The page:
• First, we will wait to see whether the Crown is going to (a) ignore the Tribunal’s recommendations and continue to insist on a settlement that is a full and final extinguishment of all Ngāti Kahu claims or whether (b) it will offer a partial settlement of our land claims in line with what the Tribunal has recommended. We have already indicated to the Crown that we are not interested in the first approach and will only talk to them on the basis of the second.
• Second, we will need to consider any offer that may be made – although it is not clear yet whether that will happen.
• Third, we need to then consider all our options, including repossessing our lands.
• Fourth, we need to complete and publish our Deed of Partial Settlement, incorporating all the Ngāti Kahu evidence provided to the Tribunal, in order to correct the serious misinformation and misinterpretation contained in the Tribunal’s report.

2. Constitutional Transformation Working Group
This working group, set up by National Iwi Chairs’ Forum and led by Moana Jackson and me, has been addressing the exact constitutional inequities and inadequacies that the Waitangi Tribunal’s report has highlighted. The fact that Māori have no constitutional security in this country was one of the very serious concerns expressed in the two reports issued by two different special rapporteurs from the United Nations in 2006 and 2011. The hostility and vehemence of the Tribunal’s and the Crown’s reaction to Ngāti Kahu formally challenging the legitimacy of those constitutional arrangements signals how unsafe they are for Māori. The same challenge has been posed by Ngāpuhi and it will be interesting to see if that Tribunal is as hostile to their claim for He Whakaputanga o te Rangatiratanga o Nu Tireni and Te Tiriti o Waitangi to be recognized as the constitutional basis of this country. Certainly the Independent report from those hearings, Ngāpuhi Speaks, overwhelmingly supports such recognition.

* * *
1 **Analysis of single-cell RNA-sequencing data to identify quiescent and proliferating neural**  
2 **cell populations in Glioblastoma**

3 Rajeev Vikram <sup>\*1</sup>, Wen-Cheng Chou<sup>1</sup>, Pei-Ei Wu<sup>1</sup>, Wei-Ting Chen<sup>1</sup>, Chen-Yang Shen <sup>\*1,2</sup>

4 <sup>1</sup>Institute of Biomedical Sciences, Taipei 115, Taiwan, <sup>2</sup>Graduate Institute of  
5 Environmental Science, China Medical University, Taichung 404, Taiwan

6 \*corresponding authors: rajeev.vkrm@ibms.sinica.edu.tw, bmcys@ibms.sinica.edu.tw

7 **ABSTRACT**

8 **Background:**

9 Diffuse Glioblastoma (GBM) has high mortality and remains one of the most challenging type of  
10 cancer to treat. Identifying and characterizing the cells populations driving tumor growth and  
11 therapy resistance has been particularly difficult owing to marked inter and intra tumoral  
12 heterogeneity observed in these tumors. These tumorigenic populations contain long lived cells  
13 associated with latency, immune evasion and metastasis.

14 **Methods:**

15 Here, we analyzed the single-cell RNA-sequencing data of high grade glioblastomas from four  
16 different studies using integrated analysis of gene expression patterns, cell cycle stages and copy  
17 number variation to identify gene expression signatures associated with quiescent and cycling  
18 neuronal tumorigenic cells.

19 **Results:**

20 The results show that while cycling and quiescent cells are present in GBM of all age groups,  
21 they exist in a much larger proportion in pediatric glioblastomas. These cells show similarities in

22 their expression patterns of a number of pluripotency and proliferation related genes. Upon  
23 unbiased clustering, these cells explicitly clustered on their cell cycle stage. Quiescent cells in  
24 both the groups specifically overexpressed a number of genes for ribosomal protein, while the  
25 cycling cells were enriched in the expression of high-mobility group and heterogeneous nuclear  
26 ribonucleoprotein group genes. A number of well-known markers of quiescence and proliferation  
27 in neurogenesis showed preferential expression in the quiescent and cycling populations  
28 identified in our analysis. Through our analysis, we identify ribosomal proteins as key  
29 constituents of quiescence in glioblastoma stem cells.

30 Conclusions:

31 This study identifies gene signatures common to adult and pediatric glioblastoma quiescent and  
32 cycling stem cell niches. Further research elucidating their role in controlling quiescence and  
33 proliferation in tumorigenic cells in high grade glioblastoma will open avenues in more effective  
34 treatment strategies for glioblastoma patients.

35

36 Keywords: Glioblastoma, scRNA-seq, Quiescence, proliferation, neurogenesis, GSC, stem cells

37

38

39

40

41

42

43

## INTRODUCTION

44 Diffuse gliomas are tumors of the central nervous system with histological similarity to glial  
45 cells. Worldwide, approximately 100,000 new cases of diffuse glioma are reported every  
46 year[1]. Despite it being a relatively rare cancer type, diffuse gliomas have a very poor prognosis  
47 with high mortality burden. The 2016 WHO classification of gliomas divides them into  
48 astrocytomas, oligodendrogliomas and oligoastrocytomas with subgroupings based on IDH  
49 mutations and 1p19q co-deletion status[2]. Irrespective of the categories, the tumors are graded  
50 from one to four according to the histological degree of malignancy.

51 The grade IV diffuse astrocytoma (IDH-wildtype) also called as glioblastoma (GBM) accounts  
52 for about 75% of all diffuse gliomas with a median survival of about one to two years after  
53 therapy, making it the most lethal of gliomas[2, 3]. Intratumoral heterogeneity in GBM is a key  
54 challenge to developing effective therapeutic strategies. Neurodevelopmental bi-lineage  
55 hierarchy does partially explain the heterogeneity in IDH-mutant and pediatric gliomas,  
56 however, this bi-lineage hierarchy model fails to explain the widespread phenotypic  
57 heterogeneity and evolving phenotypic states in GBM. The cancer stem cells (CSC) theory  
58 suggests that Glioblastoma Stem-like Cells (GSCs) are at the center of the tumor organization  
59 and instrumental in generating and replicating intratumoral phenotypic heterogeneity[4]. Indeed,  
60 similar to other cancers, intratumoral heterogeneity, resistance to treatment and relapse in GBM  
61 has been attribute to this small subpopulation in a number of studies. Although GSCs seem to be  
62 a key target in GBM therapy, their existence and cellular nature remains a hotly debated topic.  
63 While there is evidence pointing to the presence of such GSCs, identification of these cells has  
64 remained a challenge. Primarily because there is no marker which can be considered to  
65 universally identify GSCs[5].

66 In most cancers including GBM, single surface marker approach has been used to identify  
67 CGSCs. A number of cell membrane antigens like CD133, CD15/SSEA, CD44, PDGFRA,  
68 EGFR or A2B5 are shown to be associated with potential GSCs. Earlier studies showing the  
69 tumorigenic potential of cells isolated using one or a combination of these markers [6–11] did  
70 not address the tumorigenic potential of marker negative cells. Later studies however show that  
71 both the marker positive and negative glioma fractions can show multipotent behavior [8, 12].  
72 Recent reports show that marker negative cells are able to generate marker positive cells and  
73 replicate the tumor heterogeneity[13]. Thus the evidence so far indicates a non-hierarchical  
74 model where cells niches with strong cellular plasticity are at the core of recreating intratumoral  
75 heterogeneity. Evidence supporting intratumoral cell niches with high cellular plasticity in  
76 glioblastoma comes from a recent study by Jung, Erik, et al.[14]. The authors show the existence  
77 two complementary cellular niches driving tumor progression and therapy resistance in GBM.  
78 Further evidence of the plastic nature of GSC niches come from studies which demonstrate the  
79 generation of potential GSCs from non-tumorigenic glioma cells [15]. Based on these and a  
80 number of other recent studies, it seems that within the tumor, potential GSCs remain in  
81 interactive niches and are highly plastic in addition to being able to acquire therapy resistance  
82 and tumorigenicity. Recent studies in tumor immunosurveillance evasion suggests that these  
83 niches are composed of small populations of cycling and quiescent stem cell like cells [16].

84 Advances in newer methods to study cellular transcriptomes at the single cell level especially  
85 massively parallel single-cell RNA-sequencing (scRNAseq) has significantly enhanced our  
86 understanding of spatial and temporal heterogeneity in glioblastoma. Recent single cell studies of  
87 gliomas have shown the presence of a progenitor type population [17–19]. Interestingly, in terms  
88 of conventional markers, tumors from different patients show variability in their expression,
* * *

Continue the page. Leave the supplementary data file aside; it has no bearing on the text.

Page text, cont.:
What this highlights is the importance and urgent nature of the work of Matike Mai Aotearoa – The Constitutional Transformation Working Group. Work on drawing up a model for a written constitution that would see an end to such discrimination is progressing well. Over 100 hui have been conducted throughout the country to establish the principles that will underpin that model. Moana Jackson has lead almost all of those with rangatahi groups around the country conducting a further 27 hui. I have been involved in 20 of the hui.

The hui have all confirmed that the current constitutional arrangements are severely detrimental to Māori and cannot remain as they are. There is broad agreement that transformation is needed and that the values that underpin Māori society such as mana, tapu, whanaungatanga, manaakitanga, kaitiakitanga have broad application and can underpin a written constitution based on He Whakaputanga and Te Tiriti.

The Working Party will complete its initial round of hui in Ngāi Tahu, Ngāpuhi, Whanganui and Te Tau Ihu (Top of the South Island) by the end of April. Analysis on the questionnaires completed at each hui is underway. In May we will start work on the model for a constitution and completing the analysis of the discussions in hui and the questionnaires. A further round of hui will be needed to take the model to the people. Our final report is due with the National Iwi Chairs’ Forum by November this year. After that we are hoping that the country as a whole will enter into a long, informed and thoughtful discussion and debate on future constitutional arrangements for this country and that it will be led by whānau, hapū, iwi and other Māori groups throughout the country.

Professor Margaret Mutu
16 February 2014